However, neither the establishment of such a no-fly zone nor the possibility of an armed intervention by these states is imminently realistic. Recent talk suggesting Turkish plans for a ground incursion into Syria have proven to be baseless rumours that were spread by the Turkish opposition, probably in order to cast aspersions on the AKP before the upcoming 7 June general election. Similarly, the USA has backed away from talk of a no-fly zone or a safe haven inside Syria, which makes the required UN approval for such a mission a guaranteed impossibility, and this before the certain vetoing of any such proposal by Russia at the UN Security Council.

As serious an issue as the capacity of the regime is the question of the likelihood of the persistence of the unity of rebel groups, and their resisting the temptation to fight each other when they are in a position to govern some territory – as opposed to just fighting for control over it. The victories in Idlib and surrounding areas are recent, about a month old, and do not necessarily point to the viability of the rebels as a ruling coalition. Such a determination requires observation of how the rebels fare when not immediately confronted by regime forces. For now, the rebels are showing remarkable ability to cooperate in confronting a common enemy, with members of the Islamic State group (IS), which broke away from al-Qa’ida, fighting alongside al-Qa’ida affiliate Jabhah al-Nusra (JN) along the Syria-Lebanon Syria-Lebanon border and in the Yarmouk refugee camp. But this also suggests that the armed opposition, given their diverse allegiances and ideologies, will find themselves pitted against each other, or at least required to compromise with each other, when they have to find common ground beyond their animosity towards the regime. Remembering past experiences of a similar sort, such as the infighting between IS and JN, or the decimation of Harakat Hazm at the hands of JN, does not proffer much confidence in the ability of the rebels to abstain from disintegrating from within.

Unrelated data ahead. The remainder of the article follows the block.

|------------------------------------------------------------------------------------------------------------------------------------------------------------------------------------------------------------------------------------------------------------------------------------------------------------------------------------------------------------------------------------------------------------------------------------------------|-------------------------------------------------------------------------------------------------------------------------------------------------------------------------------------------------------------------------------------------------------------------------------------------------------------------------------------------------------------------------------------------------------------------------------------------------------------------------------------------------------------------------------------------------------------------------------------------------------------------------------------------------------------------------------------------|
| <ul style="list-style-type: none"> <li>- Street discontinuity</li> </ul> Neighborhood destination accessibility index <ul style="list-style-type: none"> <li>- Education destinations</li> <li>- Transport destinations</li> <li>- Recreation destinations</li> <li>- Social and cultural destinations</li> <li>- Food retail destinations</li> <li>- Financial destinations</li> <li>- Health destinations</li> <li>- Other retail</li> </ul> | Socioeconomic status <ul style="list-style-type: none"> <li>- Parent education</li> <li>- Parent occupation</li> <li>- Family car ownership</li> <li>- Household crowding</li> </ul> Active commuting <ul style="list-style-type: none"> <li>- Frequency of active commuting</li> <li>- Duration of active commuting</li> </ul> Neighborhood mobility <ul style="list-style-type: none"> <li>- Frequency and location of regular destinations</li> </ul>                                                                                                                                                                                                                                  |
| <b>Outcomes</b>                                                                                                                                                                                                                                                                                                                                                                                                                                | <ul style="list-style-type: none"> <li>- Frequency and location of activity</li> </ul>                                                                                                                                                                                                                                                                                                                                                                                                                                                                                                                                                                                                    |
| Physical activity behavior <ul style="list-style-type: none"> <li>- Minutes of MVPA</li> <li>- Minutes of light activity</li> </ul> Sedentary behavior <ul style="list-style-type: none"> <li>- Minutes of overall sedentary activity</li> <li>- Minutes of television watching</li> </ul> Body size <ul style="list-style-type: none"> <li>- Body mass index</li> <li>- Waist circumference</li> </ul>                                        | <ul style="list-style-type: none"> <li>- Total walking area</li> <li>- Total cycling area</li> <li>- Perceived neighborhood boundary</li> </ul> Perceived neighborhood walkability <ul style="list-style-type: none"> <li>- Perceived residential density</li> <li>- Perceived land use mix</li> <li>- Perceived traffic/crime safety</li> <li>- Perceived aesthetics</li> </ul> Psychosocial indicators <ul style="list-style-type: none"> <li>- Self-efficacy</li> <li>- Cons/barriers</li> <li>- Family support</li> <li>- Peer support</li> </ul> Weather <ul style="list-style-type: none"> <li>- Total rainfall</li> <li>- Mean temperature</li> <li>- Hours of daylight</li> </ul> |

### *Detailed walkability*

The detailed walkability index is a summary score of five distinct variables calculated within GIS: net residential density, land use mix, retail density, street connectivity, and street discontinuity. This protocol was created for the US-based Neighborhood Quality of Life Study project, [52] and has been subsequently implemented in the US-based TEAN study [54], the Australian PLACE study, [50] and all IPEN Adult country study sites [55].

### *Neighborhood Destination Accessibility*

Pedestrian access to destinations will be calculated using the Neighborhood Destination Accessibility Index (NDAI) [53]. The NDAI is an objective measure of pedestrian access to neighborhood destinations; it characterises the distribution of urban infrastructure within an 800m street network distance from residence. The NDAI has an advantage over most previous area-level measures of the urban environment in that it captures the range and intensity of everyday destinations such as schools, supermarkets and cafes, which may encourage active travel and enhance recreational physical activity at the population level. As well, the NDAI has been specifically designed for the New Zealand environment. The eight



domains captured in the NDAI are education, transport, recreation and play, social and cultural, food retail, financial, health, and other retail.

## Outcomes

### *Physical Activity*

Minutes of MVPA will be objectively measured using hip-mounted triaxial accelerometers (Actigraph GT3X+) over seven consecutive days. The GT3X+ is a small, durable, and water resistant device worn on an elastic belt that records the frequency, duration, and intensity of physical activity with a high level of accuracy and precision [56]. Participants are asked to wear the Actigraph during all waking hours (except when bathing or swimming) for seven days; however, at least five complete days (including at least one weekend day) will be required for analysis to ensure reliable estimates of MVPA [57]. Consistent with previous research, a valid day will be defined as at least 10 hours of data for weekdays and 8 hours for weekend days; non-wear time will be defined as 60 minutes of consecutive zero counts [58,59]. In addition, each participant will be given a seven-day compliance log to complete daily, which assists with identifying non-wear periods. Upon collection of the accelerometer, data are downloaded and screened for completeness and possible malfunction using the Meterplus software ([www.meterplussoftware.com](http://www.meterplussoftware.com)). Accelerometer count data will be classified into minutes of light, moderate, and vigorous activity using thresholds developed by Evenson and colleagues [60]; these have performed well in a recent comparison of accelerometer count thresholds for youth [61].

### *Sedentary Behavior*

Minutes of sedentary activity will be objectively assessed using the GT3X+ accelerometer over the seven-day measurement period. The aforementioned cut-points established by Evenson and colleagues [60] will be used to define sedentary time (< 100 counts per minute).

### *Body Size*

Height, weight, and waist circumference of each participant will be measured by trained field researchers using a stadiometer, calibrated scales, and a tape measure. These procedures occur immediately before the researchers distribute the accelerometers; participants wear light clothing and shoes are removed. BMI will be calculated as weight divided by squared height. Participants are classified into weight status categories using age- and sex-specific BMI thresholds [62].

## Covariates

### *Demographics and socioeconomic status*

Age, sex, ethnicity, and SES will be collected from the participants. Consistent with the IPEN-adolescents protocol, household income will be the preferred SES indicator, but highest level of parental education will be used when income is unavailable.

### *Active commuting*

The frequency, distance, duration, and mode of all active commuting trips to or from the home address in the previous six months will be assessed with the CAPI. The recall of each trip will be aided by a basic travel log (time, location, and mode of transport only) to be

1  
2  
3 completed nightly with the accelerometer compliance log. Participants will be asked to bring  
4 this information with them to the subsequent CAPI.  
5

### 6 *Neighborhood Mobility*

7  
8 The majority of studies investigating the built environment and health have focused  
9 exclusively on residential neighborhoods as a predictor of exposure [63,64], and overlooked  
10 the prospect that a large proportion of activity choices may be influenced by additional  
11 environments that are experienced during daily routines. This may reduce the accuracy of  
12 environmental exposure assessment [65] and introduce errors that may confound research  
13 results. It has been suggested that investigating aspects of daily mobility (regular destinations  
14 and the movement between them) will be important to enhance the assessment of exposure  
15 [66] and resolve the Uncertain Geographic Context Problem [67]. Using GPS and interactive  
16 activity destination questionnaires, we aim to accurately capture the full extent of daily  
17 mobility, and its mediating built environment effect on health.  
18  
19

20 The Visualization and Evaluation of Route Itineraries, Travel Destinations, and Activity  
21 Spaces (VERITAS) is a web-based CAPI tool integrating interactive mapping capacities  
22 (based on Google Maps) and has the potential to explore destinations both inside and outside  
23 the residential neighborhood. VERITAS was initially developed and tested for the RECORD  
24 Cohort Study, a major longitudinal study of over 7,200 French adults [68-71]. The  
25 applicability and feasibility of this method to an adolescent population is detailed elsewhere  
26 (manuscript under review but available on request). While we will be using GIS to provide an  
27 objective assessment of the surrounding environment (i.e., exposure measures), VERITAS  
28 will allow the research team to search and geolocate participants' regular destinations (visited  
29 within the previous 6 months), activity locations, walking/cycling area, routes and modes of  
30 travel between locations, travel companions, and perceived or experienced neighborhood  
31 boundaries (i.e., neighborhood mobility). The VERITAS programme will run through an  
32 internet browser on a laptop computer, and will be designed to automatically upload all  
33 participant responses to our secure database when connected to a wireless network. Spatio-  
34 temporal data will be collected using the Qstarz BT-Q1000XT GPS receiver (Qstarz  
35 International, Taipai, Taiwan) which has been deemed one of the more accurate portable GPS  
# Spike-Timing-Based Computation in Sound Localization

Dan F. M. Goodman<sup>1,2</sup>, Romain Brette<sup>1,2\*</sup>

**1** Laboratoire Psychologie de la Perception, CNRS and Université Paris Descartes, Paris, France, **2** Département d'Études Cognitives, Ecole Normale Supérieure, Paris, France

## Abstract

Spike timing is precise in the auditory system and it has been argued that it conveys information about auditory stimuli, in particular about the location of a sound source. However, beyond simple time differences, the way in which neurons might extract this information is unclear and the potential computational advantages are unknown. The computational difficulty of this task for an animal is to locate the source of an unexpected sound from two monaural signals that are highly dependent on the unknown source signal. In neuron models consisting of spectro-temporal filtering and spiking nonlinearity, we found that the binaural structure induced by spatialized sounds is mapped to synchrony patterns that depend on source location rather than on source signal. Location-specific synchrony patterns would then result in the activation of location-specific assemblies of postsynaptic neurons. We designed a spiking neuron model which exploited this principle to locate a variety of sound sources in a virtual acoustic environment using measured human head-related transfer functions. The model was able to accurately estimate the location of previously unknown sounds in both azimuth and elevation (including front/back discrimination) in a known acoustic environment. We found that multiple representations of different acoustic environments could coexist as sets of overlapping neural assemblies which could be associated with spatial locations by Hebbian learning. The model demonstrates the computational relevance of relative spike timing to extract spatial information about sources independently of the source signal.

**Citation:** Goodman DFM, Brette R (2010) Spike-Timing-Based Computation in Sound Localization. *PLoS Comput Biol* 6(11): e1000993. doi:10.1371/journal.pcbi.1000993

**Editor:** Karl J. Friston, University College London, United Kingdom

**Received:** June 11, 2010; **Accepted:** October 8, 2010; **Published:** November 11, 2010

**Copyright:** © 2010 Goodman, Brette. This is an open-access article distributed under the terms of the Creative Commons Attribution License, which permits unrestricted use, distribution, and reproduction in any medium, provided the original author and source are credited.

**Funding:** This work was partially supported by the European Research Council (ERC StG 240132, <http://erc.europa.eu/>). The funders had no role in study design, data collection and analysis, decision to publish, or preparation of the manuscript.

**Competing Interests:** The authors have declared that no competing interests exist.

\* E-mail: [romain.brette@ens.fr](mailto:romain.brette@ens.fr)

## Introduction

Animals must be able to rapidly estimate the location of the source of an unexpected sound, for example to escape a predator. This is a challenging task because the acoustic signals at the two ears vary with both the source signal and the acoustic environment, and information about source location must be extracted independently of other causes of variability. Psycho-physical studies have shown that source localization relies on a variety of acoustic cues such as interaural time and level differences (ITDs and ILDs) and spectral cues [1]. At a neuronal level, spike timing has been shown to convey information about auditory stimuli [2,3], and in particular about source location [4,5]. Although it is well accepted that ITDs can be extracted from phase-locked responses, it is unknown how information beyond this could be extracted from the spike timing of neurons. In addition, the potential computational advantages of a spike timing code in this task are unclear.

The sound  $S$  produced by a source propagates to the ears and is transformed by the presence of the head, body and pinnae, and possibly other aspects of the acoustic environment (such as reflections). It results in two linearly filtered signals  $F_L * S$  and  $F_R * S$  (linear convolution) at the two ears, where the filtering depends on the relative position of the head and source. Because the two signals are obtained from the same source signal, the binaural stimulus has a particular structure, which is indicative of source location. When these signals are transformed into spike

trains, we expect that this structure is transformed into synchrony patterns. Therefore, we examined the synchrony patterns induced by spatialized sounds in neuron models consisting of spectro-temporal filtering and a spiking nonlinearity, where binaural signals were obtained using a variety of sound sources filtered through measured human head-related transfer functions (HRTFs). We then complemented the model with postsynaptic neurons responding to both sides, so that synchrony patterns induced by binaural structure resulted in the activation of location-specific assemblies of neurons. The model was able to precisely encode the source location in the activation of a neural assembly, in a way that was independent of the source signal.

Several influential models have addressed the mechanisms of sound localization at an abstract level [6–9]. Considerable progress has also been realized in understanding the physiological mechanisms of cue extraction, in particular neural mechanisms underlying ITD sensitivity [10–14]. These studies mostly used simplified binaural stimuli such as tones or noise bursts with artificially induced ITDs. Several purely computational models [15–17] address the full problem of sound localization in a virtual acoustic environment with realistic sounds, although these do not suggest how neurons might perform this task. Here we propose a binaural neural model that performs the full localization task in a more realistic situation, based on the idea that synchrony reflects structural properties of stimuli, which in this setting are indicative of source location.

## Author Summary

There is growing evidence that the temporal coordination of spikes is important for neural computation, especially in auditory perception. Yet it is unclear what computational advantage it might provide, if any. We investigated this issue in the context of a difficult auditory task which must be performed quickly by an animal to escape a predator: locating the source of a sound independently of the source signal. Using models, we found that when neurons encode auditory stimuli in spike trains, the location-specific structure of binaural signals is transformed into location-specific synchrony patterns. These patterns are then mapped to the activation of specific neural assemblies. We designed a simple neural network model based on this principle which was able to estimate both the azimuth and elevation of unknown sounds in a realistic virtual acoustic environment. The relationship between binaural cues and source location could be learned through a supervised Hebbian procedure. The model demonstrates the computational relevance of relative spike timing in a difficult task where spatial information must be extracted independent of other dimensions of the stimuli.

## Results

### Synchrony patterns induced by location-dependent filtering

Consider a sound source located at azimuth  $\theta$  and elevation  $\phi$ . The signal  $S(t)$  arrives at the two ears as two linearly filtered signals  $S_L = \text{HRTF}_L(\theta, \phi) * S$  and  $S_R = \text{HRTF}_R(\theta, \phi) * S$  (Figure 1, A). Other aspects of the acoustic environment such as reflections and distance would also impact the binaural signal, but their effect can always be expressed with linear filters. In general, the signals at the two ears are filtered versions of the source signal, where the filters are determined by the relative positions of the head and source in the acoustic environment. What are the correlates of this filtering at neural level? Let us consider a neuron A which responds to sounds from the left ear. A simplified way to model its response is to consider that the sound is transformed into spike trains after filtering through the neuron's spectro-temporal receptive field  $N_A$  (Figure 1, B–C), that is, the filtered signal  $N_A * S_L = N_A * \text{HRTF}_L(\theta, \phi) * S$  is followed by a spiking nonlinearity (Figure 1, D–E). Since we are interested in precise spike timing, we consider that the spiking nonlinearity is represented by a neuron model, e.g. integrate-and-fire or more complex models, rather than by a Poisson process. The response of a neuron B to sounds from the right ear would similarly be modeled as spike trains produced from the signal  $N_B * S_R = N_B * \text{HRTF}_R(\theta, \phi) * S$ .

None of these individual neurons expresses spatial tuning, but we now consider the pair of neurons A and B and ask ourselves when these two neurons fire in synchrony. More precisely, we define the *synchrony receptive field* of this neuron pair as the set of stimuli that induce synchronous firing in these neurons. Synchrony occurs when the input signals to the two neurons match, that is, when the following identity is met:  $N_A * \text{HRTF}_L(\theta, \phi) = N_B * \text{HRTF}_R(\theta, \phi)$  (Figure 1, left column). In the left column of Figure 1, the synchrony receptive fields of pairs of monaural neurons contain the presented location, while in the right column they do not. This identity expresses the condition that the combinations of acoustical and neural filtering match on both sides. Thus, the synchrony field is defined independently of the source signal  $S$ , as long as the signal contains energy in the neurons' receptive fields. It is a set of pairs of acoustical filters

Factors internal to the regime

Care must, however, be taken not to exaggerate the significance of the above factors. Even if the rebels and their governmental allies are incapable of dislodging the Asad regime, it does not follow that the Syrian government could not crumble due to other reasons, such as internal contradictions that plague it. Consider, for example, that the regime is having difficulty recruiting for its non-regular militias and paramilitary forces. There are also reports that the regime is plagued by disagreements between its different security officials and organisations, at least one of which might have led to the killing of a high ranking official, Rustum Ghazaleh, the head of the political security directorate, by another, Rafiq Shehadeh, the head of the military intelligence directorate. Further, there are reports that some regime representatives are unhappy with the leadership of Iranian commanders on the Syrian battlefield, which might not only have resulted in infighting and killings, but might also be the reason behind reports of an alleged coup planned by Asad’s intelligence chief Ali Mamlouk

A crucial factor in this regard is the financial support that the regime receives from Iran. Some reports suggest that the Iranian government has approved a one billion dollar credit line to keep the Syrian regime afloat. If this turns out to be untrue, and the Iranians change their minds about support for the Asad government, then, in light of the massive economic problems Syrians are confronted with, it is likely that at least a few high ranking personalities within the regime will seek an exit strategy, such as exile or a negotiated settlement with the rebels and their state partners, including immunity from prosecution.

Iran’s strategic interests in Lebanon in relation to Hizbullah, and the increasingly sectarian flavour that the Syrian conflict has taken, it would be inexplicable for Iran to radically change its position on Syria. The suggestion by some commentators that the USA and its partners might push Iran to trade Asad for a nuclear deal and the lifting of sanctions are a misreading of the Iranian commitment to Syria and how Iran views the current balance of forces. If they were was pressing Iran to end support for Asad, US allies in the region would know about such a demand. The fact that Qatar, Saudi Arabia and Turkey have attempted to assert their independence from a US strategy on the Middle East, especially in Yemen, suggests that their reading of the Iran-USA negotiations is that these will not deliver on Syria.

Conclusion

The Syrian government, then, is unlikely to collapse in the near future. It is undeniable that the regime has suffered some heavy losses, and it is not in the same confident position that it was a year ago. But that does not mean that the regime cannot continue limping into the future. Neither the recent rebel victories and the role of their external backers, nor the health of the regime and the support offered by its sponsors are sufficient pointers towards regime collapse.

Last modified on Friday, 28 August 2015 13:16